The Anarchy was some 70 years after William’s invasion of England so in fact, we are not talking about Normans as such but rather the Anglo-Norman successors of William’s invasion. The English barons supported Stephen so we are dealing with the Anglo-Normans.
Mathilda’s supporters included Robert of Gloucester and the Battle of Lincoln in 1141 pitted Robert against Stephen so Anglo-Norman vs Anglo-Norman army. Later Henry, Mathilda’s son, invaded with some knights so I can find an excuse to add a Feudal French force. The Normans also invaded Sicily so add a Sicilian opponent. Other enemies over the period involved include the pre-Feudal Scots and Scots Common, the Welsh, and lastly the Anglo-Norse. A fine collection of forces for a matched set.
Like all good wargamers I have about 30 half-started; half-completed; or part-planned projects either in the painting queue (that will be those boxes over there), or scratched as notes on a piece of paper as the planning sessions start (and the figures for those will be in those other boxes over there or manufacturers catalogues filed away in the file system here).
And then along came Wargames, Soldiers & Strategy Issue 97 and I was saved – or at least project number 31 started to take shape in my mind’s eye.
The main theme of this issue is “Weird War”. Basically, alternate outcomes or what-if scenarios based around World War 2, and there are seven articles on that subject, articles such as a “What if?” assassination mission – Kill Stalin; Weird War II airborne operations – Operation Redrow; or Weird War II pulp adventures – Lieutenant Liberty and the Doom Platoon.
However, there were some other more mainstream articles included such as the perils of Ptolemaic Pachyderms – Elephant Archos; the Swedes vs. the Dutch in North America – The Battle at Fort Mosquito, 1655; and the one that caught my imagination, the Empress Matilda’s flight – Bitesize battle: escape from Oxford.
The article about Stephen and Mathilda caught my eye principally because several days before I had watched an historical piece on Netflix on the Empress Maud and Matilda. Coupled with that is a desire to have a reason to get some Normans (not that I ever really needed an excuse to buy more figures). The article discusses the escape of Mathilda from Oxford Castle in the winter when the castle was invested by Stephen’s forces. I am sure this provided the idea for Sansa’s escape from Ramsay Bolton in Game of Thrones.
Anyway, I digress, and who doesn’t like a good digression? Mathilda and Stephen tilted for the English crown in the mid 12th century. Both were Normans and this period of Norman history makes a change from William’s Wars or the Normans in Sicily. Anyway, as the tale goes, Mathilda was the daughter of King Henry I of England, and was his sole legitimate child after the death of his son Prince William in the ‘White Ship’ disaster.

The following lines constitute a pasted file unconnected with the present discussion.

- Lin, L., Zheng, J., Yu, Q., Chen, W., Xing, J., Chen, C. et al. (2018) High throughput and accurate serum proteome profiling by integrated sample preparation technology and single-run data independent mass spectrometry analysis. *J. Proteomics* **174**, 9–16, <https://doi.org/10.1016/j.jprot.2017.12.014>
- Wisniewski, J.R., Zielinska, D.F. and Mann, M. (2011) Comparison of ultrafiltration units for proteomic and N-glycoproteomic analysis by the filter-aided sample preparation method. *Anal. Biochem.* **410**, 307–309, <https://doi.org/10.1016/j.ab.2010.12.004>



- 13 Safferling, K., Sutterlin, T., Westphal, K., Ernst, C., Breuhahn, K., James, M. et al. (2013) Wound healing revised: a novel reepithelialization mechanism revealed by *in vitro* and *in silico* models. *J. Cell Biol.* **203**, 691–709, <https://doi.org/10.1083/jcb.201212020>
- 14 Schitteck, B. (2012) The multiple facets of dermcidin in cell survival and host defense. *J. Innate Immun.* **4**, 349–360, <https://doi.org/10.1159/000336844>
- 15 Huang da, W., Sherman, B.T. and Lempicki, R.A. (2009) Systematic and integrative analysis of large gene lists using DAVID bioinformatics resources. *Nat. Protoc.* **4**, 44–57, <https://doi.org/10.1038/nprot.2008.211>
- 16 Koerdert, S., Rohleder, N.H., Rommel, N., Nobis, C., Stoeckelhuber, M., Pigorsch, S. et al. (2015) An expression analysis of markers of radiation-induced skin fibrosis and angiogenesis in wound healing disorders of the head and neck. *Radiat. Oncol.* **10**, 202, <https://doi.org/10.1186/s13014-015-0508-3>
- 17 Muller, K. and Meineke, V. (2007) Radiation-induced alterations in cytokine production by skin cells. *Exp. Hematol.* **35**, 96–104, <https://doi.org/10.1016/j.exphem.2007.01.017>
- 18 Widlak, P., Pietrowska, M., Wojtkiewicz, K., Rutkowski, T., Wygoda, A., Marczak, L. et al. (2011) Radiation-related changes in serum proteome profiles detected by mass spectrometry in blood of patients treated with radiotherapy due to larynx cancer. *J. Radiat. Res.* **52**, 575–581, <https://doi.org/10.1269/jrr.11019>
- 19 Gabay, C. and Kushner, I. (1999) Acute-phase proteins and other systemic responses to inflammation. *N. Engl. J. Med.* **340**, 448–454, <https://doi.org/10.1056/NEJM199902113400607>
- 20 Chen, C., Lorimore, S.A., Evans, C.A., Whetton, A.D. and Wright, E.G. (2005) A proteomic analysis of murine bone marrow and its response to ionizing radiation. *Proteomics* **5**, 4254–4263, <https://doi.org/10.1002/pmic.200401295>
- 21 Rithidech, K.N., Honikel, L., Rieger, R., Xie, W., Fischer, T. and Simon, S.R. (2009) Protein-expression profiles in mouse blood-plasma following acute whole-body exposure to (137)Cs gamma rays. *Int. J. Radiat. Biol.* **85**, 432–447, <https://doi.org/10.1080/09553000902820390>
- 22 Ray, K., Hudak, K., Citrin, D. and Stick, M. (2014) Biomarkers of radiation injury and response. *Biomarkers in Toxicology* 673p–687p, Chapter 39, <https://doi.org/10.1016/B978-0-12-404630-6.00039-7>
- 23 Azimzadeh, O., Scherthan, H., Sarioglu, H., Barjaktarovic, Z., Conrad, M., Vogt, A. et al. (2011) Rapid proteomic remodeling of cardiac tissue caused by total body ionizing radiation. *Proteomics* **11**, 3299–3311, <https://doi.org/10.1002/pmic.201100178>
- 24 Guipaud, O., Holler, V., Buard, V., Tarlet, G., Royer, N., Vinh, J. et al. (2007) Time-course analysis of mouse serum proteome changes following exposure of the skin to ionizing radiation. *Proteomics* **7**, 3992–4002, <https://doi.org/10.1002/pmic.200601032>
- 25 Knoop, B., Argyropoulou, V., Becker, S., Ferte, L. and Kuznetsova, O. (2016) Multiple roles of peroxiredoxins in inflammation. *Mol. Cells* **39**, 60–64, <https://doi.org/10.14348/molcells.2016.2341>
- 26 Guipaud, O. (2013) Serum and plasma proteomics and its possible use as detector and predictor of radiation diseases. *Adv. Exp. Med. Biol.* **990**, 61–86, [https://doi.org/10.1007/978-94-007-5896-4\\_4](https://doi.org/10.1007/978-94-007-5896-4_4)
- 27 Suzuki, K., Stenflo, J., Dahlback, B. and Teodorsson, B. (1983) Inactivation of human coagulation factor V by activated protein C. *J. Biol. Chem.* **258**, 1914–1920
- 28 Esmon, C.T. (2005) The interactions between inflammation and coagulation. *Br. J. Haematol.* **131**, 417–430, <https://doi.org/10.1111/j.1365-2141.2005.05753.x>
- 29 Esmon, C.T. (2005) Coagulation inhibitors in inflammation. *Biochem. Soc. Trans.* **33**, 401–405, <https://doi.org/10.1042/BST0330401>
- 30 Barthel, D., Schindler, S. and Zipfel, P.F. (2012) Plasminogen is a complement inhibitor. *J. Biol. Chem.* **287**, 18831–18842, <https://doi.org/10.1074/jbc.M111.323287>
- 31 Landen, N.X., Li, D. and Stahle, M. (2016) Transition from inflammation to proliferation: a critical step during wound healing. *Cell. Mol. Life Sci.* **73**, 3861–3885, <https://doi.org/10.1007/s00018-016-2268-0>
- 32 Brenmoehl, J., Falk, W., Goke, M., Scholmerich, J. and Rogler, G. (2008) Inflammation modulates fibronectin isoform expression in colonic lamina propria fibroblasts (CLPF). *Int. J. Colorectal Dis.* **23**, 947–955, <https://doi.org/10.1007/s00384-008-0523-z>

She was married to Henry V of the Holy Roman Empire (hence the title Empress), and then when he died in 1125, to Geoffrey Plantagenet, Count of Anjou.
She was supposed to be the heir to the English throne, however in 1135 Stephen of Blois claimed that Henry I had changed his mind on his deathbed and recognised Stephen as successor to the throne. The English barons backed this claim.
That is when the trouble started and a period known as The Anarchy commenced.
Stephen was more popular than Mathilda, as she was viewed as a foreigner and a woman who was married to one of the hated Angevin enemy. She was also proud and overbearing, arranging everything as she thought fit, according to her own whim.
Trouble started in 1141 when the Battle of Lincoln took place between Stephen and Matilda’s half-brother Robert, Earl of Gloucester. After fighting bravely, Stephen was overcome and captured and taken before Matilda who immediately had him imprisoned in Bristol Castle. He was later released.
Both Stephen and Mathilda were captured at various stages and escaped (the escape from Oxford being one such).
Henry, Mathilda’s son by the Count of Anjou also got involved, bringing some knights to England but they were defeated by Stephen’s men.
In 1153 Stephen agreed to the Treaty of Westminster with Henry of Anjou. This stated that Stephen should remain king for life (in the event this was less than one more year) and then Henry should succeed him.
Upon Stephen’s death in 1154, Henry was crowned King Henry II, the first of the Plantagenet line of kings.
So, what’s not to like about this period? A few armies of similar structure bouncing around England and a reason to expand the lead-pile … curse you Wargames, Soldiers & Strategy!
As for figures, well it will be 6mm scale for the space challenged and Normans of an appropriate ilk are available from:
- Heroics and Ros – a range I remember from many years ago – Normans, Saxons, Vikings and a Medieval range
- Baccus 6mm – a lovely range of 6mm Normans, Vikings and Saxons
- Irregular Miniatures – a large range of figures but where the casts as not as clean or detailed as H&R or Baccus
For those interested, Wargames, Soldiers and Strategy have a number of well known folks from the wargaming world writing regular columns in the magazine as well such as Rick Priestley and Henry Hyde.
The magazine is recommended … as are the Normans!